LOS ANGELES (Feb. 26) – Home sales increased 100.8% in January in California compared with the same period a year ago, while the median price of an existing home fell 40.5%, the CALIFORNIA ASSOCIATION OF REALTORS (CAR) reported today.
The film-star or the crooner is not grudged the income that is grudged to the oil magnate, because the people appreciate the entertainer's accomplishment and not the entrepreneur's, and because the former's personality is liked and the latter's is not. They feel that consumption of the entertainer's income is itself an entertainment, while the capitalist's is not, and somehow think that what the entertainer enjoys is deliberately given by them while the capitalist's income is somehow filched from them.
NEW YORK, March 5th, 2009 - The Monster Employment Index rose moderately in February, adding four points, as a majority of industries, occupations and regions registered increased online job availability. During February, online job availability rose in 17 of the Index's 20 industry categories and in 18 of the 23 occupational categories measured. Online demand for workers grew in 25 of the 28 major metro markets, led by Pittsburgh and Houston. However, on a year-over-year basis, the Index remained down 26%, the same annual pace observed in January.
NY Times link. Job losses have been most severe in the areas that experienced a big boom in housing, those that depend on manufacturing and those that already had the highest unemployment rates. Related Article.
A previous CD post discussed the concentration of foreclosures in four states: AZ, CA, FL and NV. The chart above helps explain the foreclosure concentration: all four of those states had huge house price bubbles, and subsequent corrections/crashes. In contrast, states like Texas and South Dakota did not experience real estate bubbles, and do not have the foreclosure problems today of AZ, CA, FL and NV.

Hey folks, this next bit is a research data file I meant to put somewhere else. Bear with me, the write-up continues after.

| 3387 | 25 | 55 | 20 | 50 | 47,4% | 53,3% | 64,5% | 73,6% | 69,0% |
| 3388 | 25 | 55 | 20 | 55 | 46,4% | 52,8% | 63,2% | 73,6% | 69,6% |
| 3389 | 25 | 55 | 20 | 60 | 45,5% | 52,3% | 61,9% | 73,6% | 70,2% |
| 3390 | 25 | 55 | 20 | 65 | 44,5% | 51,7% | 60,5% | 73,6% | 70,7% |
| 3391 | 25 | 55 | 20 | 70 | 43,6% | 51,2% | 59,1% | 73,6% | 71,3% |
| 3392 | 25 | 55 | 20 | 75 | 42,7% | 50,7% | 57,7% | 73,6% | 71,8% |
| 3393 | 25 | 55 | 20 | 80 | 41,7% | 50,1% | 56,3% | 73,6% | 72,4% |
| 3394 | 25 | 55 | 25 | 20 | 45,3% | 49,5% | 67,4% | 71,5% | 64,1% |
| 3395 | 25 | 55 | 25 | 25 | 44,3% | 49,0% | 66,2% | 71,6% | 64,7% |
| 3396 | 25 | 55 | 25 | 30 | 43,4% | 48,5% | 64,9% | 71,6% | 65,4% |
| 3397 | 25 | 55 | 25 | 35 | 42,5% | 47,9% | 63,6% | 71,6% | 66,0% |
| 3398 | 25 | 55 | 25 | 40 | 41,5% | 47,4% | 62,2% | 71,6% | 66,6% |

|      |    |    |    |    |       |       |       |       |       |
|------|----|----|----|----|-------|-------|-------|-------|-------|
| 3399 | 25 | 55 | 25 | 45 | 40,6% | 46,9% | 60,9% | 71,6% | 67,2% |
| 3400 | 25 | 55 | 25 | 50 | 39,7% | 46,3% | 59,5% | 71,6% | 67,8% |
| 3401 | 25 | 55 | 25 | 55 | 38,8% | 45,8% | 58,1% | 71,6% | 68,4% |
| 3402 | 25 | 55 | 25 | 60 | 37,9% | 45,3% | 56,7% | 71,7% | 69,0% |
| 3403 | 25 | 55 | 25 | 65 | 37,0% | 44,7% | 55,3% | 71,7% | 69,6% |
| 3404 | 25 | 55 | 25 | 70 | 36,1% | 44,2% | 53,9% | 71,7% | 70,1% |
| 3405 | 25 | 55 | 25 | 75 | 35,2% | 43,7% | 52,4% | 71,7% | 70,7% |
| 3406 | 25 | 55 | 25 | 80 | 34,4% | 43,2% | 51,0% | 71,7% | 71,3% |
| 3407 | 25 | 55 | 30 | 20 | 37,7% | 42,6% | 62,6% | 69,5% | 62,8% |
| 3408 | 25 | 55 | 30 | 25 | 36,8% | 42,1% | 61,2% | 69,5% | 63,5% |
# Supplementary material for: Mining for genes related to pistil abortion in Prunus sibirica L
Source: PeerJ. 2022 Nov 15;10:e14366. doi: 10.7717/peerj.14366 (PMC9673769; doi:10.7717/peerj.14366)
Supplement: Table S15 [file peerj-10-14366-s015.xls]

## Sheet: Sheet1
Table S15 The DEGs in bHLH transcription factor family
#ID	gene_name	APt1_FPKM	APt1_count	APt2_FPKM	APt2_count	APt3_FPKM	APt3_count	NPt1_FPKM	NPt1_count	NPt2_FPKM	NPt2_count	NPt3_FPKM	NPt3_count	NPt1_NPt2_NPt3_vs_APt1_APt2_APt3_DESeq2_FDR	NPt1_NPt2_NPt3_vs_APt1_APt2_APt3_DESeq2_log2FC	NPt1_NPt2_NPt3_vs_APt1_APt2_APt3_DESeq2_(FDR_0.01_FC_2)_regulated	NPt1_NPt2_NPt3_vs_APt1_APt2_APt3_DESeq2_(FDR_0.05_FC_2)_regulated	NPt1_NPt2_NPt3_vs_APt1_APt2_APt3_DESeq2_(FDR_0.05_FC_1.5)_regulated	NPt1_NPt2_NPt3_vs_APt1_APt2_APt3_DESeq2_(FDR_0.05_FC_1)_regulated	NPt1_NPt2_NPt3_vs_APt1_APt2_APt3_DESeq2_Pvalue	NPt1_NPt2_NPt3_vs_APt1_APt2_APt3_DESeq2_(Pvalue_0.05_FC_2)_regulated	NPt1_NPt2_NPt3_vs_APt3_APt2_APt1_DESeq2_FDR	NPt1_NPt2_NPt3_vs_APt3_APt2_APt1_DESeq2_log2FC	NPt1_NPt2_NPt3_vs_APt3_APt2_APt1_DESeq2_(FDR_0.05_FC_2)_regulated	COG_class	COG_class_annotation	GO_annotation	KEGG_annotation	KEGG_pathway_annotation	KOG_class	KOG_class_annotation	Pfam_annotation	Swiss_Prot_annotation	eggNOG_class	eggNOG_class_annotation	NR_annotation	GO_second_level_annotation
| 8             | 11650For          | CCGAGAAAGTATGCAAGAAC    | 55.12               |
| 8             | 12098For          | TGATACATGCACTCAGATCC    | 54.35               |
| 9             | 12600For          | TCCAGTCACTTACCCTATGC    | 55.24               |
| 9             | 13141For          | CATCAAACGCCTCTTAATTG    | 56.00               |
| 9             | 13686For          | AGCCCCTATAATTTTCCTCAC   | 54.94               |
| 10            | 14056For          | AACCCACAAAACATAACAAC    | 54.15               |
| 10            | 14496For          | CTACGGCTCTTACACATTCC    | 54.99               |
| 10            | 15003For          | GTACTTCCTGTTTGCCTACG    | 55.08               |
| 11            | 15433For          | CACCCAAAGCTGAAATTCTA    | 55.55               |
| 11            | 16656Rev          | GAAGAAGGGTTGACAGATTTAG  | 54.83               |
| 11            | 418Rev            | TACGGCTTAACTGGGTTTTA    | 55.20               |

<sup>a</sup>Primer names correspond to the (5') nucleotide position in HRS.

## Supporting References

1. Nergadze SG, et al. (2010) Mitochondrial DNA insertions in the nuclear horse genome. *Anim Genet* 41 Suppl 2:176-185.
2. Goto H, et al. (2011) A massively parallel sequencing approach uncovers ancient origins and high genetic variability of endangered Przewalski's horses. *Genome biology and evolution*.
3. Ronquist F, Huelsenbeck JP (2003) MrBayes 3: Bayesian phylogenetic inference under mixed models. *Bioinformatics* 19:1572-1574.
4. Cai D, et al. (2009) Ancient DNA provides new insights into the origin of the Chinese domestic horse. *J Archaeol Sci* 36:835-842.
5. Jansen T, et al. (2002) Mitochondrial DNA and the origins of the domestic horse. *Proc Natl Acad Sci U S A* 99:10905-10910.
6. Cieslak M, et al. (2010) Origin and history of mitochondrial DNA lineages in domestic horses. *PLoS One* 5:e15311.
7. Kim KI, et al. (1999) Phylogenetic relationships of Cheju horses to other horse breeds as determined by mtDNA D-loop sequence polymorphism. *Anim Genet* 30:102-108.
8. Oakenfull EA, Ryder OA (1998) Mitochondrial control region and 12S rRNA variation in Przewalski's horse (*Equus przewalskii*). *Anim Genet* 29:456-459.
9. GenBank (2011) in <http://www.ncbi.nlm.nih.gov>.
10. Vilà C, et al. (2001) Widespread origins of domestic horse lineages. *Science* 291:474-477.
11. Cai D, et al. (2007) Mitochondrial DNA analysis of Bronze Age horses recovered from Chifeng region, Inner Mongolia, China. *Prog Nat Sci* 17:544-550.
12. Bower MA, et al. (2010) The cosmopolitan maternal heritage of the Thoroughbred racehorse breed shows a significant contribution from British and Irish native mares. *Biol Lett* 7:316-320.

The chart above shows the quarterly OFHEO home price indexes from 1999:Q1 to 2008:Q4 for California vs. Texas, South Dakota Oklahoma, Missouri, Alabama and Arkansas (data here). Notice that only the state of California had a huge 2006-2007 real estate bubble followed by a subsequent correction. All other states have had steady increases in home prices, without any bubble, and without any subsequent correction/crash.
According to the New York Fed, "Research beginning in the late 1980s documents the empirical regularity that the slope of the yield curve is a reliable predictor of future real economic activity."
Don Boudreaux: It's become an article of faith among lots of people that recent events prove (or at least suggest) that markets don't work very well.
I have posted many times (here, here, here and here) about how foreclosures are mostly concentrated in only four states: AZ, CA, FL and NV (see map above), despite the media coverage that would suggest it's a much more widespread phenomenon.
The FDIC recently released data through the fourth quarter 2008 on the number of "problem institutions," and the assets of those problem banks. The chart above shows that there were 252 problem banks in 2008, out of a total of about 8,300 banks. In contrast, there were almost 1,500 problem banks in 1990, or about 6 times the number in 2008.
The Federal Reserve recently released bank data for the fourth quarter of 2008 on bank loan delinquency rates and bank loan charge-off rates. The graph above shows quarterly delinquency rates for agriculture loans and business loans back to 1987 through the fourth quarter of 2008. Note that the delinquency rates in 2008:Q4 for ag and business loans were only about half the rates during the 2001 recession, and about 1/3 the rates during the 1990-1991 recession.